daily carbon dioxide emissions, CO2
Visualization of New York City's daily carbon dioxide emissions in 2012. Carbon capture technology is being promoted as a way to reduce CO2 in the atmosphere. Photo credit: Carbon Visual / Flickr (CC BY 2.0)

Chevron is part of a $65M financing deal for a CO2 capture tech firm. Is Big Oil turning over a new leaf, or is their interest more sinister?

Scientists are constantly working to solve problems, and by far the worst is one the human race itself has created — climate change due to global warming. One company has invented a process to clean the atmosphere of the most important heat-trapping gas, carbon dioxide (CO2), and last week it announced a large funding round that will allow it to commercialize its invention.

The process is called direct air capture (DAC). Giant banks of fans blow a high volume of air through a solution that contains a CO2-capturing chemical, extracting around 75 percent of it. (CO2 makes up only 0.04 percent of the atmosphere.)

The CO2 combines with the solution to become calcium carbonate, a chalky granular substance. This method — as employed by Canadian company Carbon Engineering — should be able to scrub a ton of CO2 from the air for around $100, a feat that was considered impossible just a few years ago.

This low cost estimate is based on anticipated savings once Carbon Engineering expands its pilot system to commercial scale.  The company, which has secured massive funding from the likes of Chevron, plans to build capacity that will remove the same amount of carbon from the atmosphere as 40 million trees do. Company executives believe their devices could become as commonplace as water treatment plants.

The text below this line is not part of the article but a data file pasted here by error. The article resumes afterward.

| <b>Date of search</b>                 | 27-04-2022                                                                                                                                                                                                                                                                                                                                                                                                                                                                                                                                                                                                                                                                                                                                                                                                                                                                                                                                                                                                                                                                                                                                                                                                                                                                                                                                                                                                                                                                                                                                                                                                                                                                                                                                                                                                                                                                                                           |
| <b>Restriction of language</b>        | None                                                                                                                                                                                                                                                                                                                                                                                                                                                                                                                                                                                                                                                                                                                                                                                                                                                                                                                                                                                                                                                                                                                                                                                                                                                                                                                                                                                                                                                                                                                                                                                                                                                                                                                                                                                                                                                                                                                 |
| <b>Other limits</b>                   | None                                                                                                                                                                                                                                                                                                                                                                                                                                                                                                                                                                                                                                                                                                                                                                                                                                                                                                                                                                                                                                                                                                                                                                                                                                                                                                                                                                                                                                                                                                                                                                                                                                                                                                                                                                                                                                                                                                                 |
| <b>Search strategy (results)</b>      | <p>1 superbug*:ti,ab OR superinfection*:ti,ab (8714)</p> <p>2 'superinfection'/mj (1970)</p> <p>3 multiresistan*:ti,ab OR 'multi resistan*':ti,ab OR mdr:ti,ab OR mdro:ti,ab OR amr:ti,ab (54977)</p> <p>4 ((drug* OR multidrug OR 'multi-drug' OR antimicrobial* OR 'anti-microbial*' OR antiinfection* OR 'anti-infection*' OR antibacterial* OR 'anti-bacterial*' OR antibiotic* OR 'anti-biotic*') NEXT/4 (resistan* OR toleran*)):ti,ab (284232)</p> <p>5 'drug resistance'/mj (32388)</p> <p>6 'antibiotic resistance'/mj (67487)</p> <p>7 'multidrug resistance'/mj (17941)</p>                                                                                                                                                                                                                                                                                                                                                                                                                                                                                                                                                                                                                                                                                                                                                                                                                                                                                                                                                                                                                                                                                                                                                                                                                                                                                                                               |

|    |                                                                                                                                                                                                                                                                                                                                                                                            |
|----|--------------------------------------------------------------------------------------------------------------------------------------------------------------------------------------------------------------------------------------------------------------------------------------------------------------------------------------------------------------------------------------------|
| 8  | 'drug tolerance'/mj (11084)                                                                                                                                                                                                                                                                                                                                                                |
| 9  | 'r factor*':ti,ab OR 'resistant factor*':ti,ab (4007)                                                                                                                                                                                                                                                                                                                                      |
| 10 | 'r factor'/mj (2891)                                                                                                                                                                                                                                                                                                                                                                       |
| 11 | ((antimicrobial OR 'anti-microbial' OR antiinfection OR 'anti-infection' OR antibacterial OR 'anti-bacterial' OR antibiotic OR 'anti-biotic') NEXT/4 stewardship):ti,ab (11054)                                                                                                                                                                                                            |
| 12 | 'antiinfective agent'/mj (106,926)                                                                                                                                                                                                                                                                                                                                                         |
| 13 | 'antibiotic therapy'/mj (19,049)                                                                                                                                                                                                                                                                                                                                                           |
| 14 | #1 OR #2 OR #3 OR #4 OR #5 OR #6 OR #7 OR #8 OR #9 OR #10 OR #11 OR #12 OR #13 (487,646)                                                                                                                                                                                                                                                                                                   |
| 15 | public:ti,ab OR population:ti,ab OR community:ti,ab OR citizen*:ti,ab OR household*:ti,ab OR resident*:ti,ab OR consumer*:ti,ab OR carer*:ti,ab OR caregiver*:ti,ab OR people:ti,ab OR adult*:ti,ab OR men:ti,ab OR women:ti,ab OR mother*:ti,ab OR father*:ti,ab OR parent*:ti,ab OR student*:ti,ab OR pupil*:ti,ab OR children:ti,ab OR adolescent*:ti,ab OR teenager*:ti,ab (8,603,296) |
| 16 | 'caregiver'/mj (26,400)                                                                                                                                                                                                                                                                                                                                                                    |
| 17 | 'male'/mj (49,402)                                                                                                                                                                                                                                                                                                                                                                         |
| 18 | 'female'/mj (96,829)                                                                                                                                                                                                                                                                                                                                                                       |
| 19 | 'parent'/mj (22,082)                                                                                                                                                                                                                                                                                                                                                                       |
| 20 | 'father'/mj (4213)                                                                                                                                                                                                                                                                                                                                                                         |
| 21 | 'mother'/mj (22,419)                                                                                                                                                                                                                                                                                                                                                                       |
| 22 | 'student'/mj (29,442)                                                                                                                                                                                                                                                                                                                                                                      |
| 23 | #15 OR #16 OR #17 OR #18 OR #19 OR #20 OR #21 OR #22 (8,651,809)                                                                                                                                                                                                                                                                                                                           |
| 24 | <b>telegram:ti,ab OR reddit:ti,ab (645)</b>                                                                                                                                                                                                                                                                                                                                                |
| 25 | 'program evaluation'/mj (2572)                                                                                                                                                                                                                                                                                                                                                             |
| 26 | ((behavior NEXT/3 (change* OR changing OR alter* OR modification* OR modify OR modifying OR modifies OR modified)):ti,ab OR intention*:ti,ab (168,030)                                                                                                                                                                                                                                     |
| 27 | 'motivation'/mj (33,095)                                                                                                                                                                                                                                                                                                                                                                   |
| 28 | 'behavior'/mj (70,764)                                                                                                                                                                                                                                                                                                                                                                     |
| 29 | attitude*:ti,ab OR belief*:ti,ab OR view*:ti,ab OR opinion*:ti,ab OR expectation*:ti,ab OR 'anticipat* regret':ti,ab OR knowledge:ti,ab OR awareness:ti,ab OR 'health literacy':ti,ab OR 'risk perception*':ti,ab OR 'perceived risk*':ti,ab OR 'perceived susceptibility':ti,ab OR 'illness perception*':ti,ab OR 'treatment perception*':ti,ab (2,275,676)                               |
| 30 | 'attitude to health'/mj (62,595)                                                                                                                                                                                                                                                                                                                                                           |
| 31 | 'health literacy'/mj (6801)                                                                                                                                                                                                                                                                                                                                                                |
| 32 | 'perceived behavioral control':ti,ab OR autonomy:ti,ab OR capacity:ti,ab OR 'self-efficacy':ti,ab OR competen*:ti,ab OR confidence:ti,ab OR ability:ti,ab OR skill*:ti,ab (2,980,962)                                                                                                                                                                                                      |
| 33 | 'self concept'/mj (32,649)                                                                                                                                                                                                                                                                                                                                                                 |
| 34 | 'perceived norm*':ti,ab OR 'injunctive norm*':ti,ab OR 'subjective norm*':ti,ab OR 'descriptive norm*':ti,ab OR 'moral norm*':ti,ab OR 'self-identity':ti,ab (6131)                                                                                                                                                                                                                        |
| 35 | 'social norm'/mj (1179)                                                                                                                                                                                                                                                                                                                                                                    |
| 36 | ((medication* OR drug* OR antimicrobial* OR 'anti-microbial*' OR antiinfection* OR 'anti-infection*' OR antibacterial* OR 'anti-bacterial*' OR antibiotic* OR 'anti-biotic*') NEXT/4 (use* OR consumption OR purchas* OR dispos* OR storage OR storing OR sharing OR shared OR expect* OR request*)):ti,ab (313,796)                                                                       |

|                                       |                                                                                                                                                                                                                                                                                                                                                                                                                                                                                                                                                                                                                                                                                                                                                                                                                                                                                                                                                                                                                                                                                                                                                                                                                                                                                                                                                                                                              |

“It’s not magic as far as the technology — it’s all feasible and doable,” says CEO Steve Oldham. He claims that there are no harmful chemical side-effects and plants would take up little space, Of course, he notes, governments and the public will have to decide if they want this solution and if so, whether they are willing to pay for it.

One pertinent question: what becomes of the CO2 once it is captured? Further refinement by heating produces a stream of pure, concentrated CO2, which can then be mixed with hydrogen to make a liquid fuel suitable for burning in any compatible internal combustion engine.

Carbon Engineering, CO2 capture

Carbon Engineering plant in Squamish, B.C.
Photo credit: Pembina Institute / Flickr (CC BY-NC-ND 2.0)

But some green activists,  like Tzeporah Berman, of, are critical. She sees Carbon Engineering’s “solution” to climate change as akin to the Dutch boy sticking his finger in the dyke to stop a flood. Berman says DAC technology like this provides a “false hope” that society can continue to produce and burn fossil fuels with impunity — and technology will save us. Instead, she advocates that “every industry, every country needs to be reducing emissions quickly,” which means decreasing our dependence on fossil fuels.

One problem is that the captured CO2 can facilitate the drilling for crude oil. Compressed CO2 gas is pumped underground to help flush out crude, increasing flow from wells by 30 percent. The CO2 remains behind — trapped underground — which limits its environmental impact; but the greenhouse cycle begins again when the burning of the new crude pours more CO2 into the atmosphere.

Among those with a positive take on Carbon Engineering’s technology are the investors in the latest funding round, who  range from environmental philanthropists like Bill Gates to resource-extraction corporations like Chevron.

This week’s video shows the pilot DAC facility in British Columbia, Canada, that convinced all these big donors to part with their millions.

Related front page panorama photo credit: Carbon Engineering press release

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